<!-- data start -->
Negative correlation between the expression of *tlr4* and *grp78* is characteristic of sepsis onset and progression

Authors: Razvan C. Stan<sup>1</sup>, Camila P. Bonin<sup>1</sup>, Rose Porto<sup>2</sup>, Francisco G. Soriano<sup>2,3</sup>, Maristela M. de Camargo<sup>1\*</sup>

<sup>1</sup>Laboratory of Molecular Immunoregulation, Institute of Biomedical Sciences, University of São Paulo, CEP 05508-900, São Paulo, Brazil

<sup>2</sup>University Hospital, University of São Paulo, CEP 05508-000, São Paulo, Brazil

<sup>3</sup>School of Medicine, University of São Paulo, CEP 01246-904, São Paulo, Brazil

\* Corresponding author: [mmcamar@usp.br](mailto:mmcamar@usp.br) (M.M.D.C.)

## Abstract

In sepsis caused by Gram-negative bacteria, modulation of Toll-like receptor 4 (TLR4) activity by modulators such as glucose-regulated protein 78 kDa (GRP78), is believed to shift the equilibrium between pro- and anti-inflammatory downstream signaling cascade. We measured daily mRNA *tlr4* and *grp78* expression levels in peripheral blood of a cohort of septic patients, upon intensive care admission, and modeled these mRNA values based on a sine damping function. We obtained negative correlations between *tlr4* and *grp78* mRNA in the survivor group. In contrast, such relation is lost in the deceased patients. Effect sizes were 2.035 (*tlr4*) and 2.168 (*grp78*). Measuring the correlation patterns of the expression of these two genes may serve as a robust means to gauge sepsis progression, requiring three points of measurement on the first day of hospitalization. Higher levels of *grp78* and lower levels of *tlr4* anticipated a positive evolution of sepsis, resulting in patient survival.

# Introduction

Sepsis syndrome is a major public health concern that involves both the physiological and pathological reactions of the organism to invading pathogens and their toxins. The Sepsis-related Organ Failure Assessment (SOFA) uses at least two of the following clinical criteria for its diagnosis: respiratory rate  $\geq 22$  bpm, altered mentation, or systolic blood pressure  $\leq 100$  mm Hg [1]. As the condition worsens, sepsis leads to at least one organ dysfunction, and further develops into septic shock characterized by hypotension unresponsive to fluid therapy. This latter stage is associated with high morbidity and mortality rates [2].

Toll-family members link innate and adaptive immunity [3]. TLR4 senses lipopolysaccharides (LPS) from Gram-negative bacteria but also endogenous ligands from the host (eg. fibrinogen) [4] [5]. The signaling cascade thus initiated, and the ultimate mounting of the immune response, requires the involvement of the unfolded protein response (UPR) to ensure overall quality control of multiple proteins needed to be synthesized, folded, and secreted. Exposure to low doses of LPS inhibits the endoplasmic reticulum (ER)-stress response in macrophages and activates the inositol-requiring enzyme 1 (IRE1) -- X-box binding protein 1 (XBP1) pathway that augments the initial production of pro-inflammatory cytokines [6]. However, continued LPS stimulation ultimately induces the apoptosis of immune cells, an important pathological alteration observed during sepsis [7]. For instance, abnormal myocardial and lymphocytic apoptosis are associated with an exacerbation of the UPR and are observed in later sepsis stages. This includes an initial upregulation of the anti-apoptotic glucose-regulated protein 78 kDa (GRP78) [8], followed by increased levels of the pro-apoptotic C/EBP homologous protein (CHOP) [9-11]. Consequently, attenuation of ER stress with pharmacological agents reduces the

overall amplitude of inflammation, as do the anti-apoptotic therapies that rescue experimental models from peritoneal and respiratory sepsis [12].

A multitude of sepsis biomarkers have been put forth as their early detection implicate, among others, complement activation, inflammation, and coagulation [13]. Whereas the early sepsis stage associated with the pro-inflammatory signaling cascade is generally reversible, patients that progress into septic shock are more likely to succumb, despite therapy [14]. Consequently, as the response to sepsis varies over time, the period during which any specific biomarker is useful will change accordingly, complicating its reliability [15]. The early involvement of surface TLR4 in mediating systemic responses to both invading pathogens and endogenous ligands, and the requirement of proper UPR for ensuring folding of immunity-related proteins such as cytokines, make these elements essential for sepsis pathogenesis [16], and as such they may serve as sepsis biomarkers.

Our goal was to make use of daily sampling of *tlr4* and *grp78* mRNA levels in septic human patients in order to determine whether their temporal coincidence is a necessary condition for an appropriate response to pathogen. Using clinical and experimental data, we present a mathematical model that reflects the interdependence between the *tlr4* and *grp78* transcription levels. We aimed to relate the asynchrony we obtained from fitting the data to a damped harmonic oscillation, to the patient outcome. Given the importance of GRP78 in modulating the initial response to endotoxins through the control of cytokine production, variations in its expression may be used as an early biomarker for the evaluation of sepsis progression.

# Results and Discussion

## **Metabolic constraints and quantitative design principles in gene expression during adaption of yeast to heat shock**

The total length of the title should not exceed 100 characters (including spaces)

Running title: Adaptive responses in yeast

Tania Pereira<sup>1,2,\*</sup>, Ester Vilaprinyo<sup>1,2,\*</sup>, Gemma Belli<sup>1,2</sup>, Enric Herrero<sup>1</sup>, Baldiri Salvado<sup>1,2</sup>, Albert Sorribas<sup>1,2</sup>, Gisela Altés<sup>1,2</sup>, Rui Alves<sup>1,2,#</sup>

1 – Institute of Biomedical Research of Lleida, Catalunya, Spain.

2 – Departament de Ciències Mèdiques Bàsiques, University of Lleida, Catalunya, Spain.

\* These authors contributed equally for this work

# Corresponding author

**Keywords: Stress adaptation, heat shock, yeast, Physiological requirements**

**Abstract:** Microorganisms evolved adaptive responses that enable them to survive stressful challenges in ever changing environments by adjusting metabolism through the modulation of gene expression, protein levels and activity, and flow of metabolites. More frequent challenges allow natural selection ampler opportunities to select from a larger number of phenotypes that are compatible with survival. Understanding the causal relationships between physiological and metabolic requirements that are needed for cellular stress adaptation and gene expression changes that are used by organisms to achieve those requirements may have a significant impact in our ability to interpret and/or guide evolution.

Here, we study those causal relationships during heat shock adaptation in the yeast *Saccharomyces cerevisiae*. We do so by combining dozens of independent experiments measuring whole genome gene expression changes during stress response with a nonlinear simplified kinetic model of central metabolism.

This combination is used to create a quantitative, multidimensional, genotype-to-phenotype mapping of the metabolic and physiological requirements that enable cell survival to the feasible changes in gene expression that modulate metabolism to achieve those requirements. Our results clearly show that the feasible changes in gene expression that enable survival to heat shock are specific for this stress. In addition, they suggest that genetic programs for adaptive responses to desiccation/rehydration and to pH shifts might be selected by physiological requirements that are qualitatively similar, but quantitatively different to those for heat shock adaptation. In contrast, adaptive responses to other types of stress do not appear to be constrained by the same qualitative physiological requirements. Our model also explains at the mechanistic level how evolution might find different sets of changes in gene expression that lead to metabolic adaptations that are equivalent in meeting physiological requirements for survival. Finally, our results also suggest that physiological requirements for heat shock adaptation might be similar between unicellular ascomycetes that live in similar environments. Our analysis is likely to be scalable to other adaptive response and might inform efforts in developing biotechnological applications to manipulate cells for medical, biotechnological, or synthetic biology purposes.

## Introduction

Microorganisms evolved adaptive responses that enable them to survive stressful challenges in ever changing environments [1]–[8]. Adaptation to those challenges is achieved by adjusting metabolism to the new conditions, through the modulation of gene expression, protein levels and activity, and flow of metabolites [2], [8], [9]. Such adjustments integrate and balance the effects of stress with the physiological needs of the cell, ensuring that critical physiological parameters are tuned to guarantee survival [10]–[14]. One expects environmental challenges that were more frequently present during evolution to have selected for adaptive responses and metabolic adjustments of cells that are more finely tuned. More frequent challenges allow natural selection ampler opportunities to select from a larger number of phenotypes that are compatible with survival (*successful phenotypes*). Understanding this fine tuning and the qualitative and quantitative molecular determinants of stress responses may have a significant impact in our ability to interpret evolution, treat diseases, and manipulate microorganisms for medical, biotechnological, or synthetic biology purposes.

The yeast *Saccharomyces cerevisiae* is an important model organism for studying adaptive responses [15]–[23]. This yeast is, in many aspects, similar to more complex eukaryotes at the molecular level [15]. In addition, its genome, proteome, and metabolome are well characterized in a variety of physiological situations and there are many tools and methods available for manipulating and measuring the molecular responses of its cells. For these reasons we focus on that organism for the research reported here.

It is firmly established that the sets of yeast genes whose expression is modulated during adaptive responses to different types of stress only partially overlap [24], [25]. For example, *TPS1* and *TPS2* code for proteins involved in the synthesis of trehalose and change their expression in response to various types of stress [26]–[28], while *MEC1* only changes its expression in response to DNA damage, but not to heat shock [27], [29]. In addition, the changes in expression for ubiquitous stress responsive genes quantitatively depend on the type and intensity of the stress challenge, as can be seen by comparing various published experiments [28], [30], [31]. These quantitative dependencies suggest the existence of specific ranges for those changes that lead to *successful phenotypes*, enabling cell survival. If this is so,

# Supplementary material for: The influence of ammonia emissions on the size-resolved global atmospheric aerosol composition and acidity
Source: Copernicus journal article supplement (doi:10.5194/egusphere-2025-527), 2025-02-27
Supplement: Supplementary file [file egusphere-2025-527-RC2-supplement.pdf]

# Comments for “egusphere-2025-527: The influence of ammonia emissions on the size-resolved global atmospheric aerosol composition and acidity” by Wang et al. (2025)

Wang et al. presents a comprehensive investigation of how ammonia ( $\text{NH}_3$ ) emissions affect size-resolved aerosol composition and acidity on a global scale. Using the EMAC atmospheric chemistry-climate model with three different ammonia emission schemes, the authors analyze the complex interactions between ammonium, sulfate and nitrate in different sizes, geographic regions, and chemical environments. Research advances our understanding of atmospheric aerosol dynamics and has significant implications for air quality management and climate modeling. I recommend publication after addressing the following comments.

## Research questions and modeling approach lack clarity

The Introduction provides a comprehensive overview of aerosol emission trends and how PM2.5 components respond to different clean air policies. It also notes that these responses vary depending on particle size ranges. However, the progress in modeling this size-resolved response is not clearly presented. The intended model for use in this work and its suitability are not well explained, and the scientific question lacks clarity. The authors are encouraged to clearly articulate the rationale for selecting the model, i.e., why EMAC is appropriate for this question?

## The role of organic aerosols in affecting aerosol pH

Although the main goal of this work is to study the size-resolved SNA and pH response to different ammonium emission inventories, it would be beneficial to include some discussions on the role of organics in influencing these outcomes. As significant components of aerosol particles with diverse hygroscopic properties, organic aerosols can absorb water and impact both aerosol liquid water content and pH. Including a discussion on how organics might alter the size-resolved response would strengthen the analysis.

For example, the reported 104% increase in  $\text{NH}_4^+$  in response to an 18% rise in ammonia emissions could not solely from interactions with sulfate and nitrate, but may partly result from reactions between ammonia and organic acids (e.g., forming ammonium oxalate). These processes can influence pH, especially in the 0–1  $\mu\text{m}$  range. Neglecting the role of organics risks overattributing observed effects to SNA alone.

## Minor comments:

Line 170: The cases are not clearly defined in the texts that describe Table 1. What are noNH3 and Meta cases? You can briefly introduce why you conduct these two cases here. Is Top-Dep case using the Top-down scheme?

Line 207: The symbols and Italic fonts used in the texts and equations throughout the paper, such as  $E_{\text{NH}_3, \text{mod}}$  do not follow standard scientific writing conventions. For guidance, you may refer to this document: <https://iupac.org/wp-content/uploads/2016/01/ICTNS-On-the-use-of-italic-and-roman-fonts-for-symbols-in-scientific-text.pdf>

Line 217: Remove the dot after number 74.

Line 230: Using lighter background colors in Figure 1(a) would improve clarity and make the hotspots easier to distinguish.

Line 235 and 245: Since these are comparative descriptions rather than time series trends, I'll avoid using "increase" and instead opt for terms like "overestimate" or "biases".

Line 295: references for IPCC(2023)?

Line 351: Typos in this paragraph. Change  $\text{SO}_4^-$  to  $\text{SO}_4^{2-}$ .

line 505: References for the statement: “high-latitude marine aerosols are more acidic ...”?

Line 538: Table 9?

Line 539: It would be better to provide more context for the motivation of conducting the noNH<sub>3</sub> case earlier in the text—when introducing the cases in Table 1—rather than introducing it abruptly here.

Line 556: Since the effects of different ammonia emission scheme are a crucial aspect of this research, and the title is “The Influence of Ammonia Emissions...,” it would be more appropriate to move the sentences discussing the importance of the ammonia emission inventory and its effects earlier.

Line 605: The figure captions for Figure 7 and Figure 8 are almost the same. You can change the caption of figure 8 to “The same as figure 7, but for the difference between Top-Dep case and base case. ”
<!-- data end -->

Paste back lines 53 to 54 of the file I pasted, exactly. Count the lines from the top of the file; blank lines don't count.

Line 556: Since the effects of different ammonia emission scheme are a crucial aspect of this research, and the title is “The Influence of Ammonia Emissions...,” it would be more appropriate to move the sentences discussing the importance of the ammonia emission inventory and its effects earlier.

Line 605: The figure captions for Figure 7 and Figure 8 are almost the same. You can change the caption of figure 8 to “The same as figure 7, but for the difference between Top-Dep case and base case. ”